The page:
For more references:

Adams, D., Williams, S. 2017. Fatal attack on a Ryland’s bald-faced saki monkey (Pithecia rylandsi) by a black-and-white hawk eagle (Spizaetus melanoleucus). Primates 58: 361-365.

Robinson, S. 1994. Habitat selection and foraging ecology of raptors in Amazonian Peru. Biotropica 26(4): 443-458.

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Smart Sakis: A Spoonful of Termite Mound helps the Bitter Seeds Go Down

Primatologist Michelle Rodrigues posted a cool write-up of our most recent paper on geophagy in saki monkeys on her blog SpiderMonkeyTales. Check it out below!

Saki monkeys are a Neotropical primate found in Amazonia. They are seed predators, which means that rather than ingesting seeds and passing them whole (like spider monkeys), their teeth and digestive system destroy the seeds they eat. This is a good way to get maximum nutrition from those seeds, but the seeds contain high levels of secondary compounds like tannins. Tannins are the bitter, astringent compounds that give coffee, tea, and wine their unique flavors, but high levels of tannins (much higher than we consume), can be toxic.  Other Amazonian seed predators, like parrots, eat soil with clay and high cation exchange capacity, both of which neutralize the toxic effects. Seeds eaten by parrots in the same region have tannin levels toxic to most verterbrates. If the Sakis are eating the same seeds, how do they cope with those levels of toxins?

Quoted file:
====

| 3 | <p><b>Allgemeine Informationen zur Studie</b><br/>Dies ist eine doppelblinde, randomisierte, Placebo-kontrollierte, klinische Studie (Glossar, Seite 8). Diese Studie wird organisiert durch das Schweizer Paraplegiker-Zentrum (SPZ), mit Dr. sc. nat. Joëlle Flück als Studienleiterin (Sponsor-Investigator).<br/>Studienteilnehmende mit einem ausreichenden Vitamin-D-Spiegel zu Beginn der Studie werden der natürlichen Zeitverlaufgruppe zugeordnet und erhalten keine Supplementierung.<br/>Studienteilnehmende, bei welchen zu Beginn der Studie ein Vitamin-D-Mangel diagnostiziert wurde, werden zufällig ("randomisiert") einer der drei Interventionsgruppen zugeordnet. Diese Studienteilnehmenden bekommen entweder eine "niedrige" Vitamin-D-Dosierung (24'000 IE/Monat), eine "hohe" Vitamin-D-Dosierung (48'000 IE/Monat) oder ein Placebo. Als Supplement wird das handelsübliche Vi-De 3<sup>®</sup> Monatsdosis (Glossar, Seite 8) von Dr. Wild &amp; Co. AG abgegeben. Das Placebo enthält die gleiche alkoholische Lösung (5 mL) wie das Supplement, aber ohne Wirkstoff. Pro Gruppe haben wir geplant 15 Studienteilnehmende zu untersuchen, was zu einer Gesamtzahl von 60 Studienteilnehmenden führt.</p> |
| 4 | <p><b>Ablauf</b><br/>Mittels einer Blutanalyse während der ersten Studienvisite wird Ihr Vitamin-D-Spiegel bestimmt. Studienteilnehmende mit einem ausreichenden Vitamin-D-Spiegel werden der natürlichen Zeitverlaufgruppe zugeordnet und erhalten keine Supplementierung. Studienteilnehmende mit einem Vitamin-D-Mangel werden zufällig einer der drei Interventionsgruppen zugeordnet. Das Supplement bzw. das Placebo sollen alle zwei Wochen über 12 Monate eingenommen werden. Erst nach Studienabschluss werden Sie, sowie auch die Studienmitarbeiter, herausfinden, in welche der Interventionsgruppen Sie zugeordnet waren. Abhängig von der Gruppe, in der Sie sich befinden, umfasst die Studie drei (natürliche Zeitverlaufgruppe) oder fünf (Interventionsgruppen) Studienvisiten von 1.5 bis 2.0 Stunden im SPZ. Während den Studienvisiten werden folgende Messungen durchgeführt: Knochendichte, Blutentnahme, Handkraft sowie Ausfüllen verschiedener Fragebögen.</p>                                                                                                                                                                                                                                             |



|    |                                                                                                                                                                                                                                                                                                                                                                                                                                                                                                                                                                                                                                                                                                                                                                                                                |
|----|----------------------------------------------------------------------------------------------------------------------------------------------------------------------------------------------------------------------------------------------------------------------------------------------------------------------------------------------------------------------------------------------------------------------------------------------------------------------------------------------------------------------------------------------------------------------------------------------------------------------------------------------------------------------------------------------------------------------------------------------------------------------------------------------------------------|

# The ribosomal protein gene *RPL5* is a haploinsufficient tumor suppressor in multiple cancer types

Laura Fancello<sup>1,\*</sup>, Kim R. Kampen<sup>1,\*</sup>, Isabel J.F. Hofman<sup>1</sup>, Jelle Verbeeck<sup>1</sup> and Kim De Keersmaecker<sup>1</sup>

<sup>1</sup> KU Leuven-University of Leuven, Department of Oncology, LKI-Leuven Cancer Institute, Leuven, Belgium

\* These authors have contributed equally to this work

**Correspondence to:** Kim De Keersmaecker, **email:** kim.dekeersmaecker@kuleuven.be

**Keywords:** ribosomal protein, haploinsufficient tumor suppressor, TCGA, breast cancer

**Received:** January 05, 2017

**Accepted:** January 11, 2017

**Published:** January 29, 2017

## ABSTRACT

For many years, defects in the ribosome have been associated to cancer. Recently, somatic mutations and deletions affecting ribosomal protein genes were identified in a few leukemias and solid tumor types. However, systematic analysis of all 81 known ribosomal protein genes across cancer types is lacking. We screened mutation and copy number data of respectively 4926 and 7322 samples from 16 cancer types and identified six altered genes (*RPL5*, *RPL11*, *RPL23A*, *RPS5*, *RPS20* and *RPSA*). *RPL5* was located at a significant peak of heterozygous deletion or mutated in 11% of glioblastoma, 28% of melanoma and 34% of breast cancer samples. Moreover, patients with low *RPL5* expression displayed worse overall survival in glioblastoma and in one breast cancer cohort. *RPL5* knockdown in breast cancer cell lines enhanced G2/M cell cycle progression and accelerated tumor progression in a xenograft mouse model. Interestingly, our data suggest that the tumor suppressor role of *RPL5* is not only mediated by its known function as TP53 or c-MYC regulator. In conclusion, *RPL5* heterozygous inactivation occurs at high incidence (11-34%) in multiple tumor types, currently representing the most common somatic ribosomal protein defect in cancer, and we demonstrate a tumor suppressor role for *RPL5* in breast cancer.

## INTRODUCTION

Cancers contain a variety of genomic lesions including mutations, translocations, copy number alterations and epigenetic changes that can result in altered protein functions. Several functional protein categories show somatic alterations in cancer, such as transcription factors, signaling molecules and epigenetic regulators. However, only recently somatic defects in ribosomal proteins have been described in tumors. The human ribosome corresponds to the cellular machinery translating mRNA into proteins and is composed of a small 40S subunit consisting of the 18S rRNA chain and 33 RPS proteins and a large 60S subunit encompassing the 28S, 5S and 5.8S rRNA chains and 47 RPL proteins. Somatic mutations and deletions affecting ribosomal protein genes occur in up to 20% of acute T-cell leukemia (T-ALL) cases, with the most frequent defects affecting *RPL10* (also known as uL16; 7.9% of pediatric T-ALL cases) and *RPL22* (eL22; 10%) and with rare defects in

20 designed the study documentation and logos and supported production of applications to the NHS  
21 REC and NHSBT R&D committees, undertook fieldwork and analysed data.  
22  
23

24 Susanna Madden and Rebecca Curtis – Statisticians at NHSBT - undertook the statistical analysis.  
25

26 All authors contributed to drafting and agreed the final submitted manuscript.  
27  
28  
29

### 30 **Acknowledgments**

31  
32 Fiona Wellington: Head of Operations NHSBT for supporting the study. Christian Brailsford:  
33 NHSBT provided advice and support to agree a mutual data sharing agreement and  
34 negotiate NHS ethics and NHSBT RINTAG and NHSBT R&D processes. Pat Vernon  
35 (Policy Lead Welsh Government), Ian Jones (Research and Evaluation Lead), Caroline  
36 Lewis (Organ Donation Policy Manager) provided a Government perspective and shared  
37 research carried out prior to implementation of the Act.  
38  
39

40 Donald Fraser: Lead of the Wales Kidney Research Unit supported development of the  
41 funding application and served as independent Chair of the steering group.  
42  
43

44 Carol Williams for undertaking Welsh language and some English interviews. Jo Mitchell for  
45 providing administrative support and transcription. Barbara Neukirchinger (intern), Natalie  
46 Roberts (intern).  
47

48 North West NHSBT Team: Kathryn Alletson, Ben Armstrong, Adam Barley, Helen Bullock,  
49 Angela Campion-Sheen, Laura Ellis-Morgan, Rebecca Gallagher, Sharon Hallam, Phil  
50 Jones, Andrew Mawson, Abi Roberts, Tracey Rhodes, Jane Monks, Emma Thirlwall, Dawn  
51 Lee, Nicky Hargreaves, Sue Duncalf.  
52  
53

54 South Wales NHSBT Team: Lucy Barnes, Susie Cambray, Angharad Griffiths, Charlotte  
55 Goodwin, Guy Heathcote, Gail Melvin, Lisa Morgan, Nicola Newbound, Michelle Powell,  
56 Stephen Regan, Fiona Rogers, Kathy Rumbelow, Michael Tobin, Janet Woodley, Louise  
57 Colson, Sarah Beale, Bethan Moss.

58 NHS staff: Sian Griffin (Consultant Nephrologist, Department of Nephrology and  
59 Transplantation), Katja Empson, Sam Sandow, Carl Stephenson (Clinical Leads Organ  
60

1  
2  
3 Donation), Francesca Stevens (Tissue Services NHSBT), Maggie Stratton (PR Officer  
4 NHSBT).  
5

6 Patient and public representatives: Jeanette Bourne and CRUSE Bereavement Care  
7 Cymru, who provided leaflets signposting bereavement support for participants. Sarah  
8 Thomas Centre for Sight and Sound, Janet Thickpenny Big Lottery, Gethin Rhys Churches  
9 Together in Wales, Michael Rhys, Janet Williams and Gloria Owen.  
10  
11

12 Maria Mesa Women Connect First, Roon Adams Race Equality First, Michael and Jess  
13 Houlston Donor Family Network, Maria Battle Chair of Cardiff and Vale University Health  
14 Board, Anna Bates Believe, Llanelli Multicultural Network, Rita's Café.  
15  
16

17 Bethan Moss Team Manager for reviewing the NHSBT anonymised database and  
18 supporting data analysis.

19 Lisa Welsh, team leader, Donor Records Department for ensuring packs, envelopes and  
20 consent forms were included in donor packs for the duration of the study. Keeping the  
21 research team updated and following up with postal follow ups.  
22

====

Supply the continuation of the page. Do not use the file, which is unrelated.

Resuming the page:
Sakis eat termite mounds, which contains soil, clay, and nutrients. Adams and colleagues tested between two hypotheses: 1) Sakis eat the termite mounds because they provide nutritious minerals (like vitamins), or 2) to help counteract the potentially toxic effects of secondary compounds (like a detox supplement). If the soil they ate from termite mounds contained more micronutrients, that would support the vitamin hypothesis. If the soils contained that have more clay and and cation exchange properties, that would support the detox hypothesis.

They observed how long the monkeys ate termite mounds, which age/sex classes at the termite mounds, if there were termites present. They also collected samples from termite mounds that the Saki fed at, and compared to control soil samples and unvisited termite mounds.

About 2/3 of the termite mounds contained termites, and Sakis did eat termites at the active mounds. However, they fed from both active and inactive termite mounds, all age/sex classes fed on the mounds. Termite mounds did have higher levels of some minerals than topsoil, and those levels were similar in the both the Saki-eaten mounds and univisited mounds. The eaten- and uneaten-termite mounds did not differ in in clay content, but the termite mounds that were eaten had twice the cation exchange capacity. Adams and colleagues conclude that the Sakis are eating the termite mounds primarly because it helps counteract the effect of the tannins, supporting the detox hypothesis.

So basically, Sakis are wisely self-medicating with termite mounds to counteract the effects of their potentially toxic diet!

An important caveat: Adams and colleagues do not use terms like the “vitamin” or “detox” hypothesis–I use these terms only to simply the function of termite-mound eating. Also, humans are not seed predators, so we do not have the same need for detoxing. Most talk of “toxins” in human diets is pseudoscience, and unless you’re eating some strange things that are not suitable for human consumption, you should have no need for detoxing!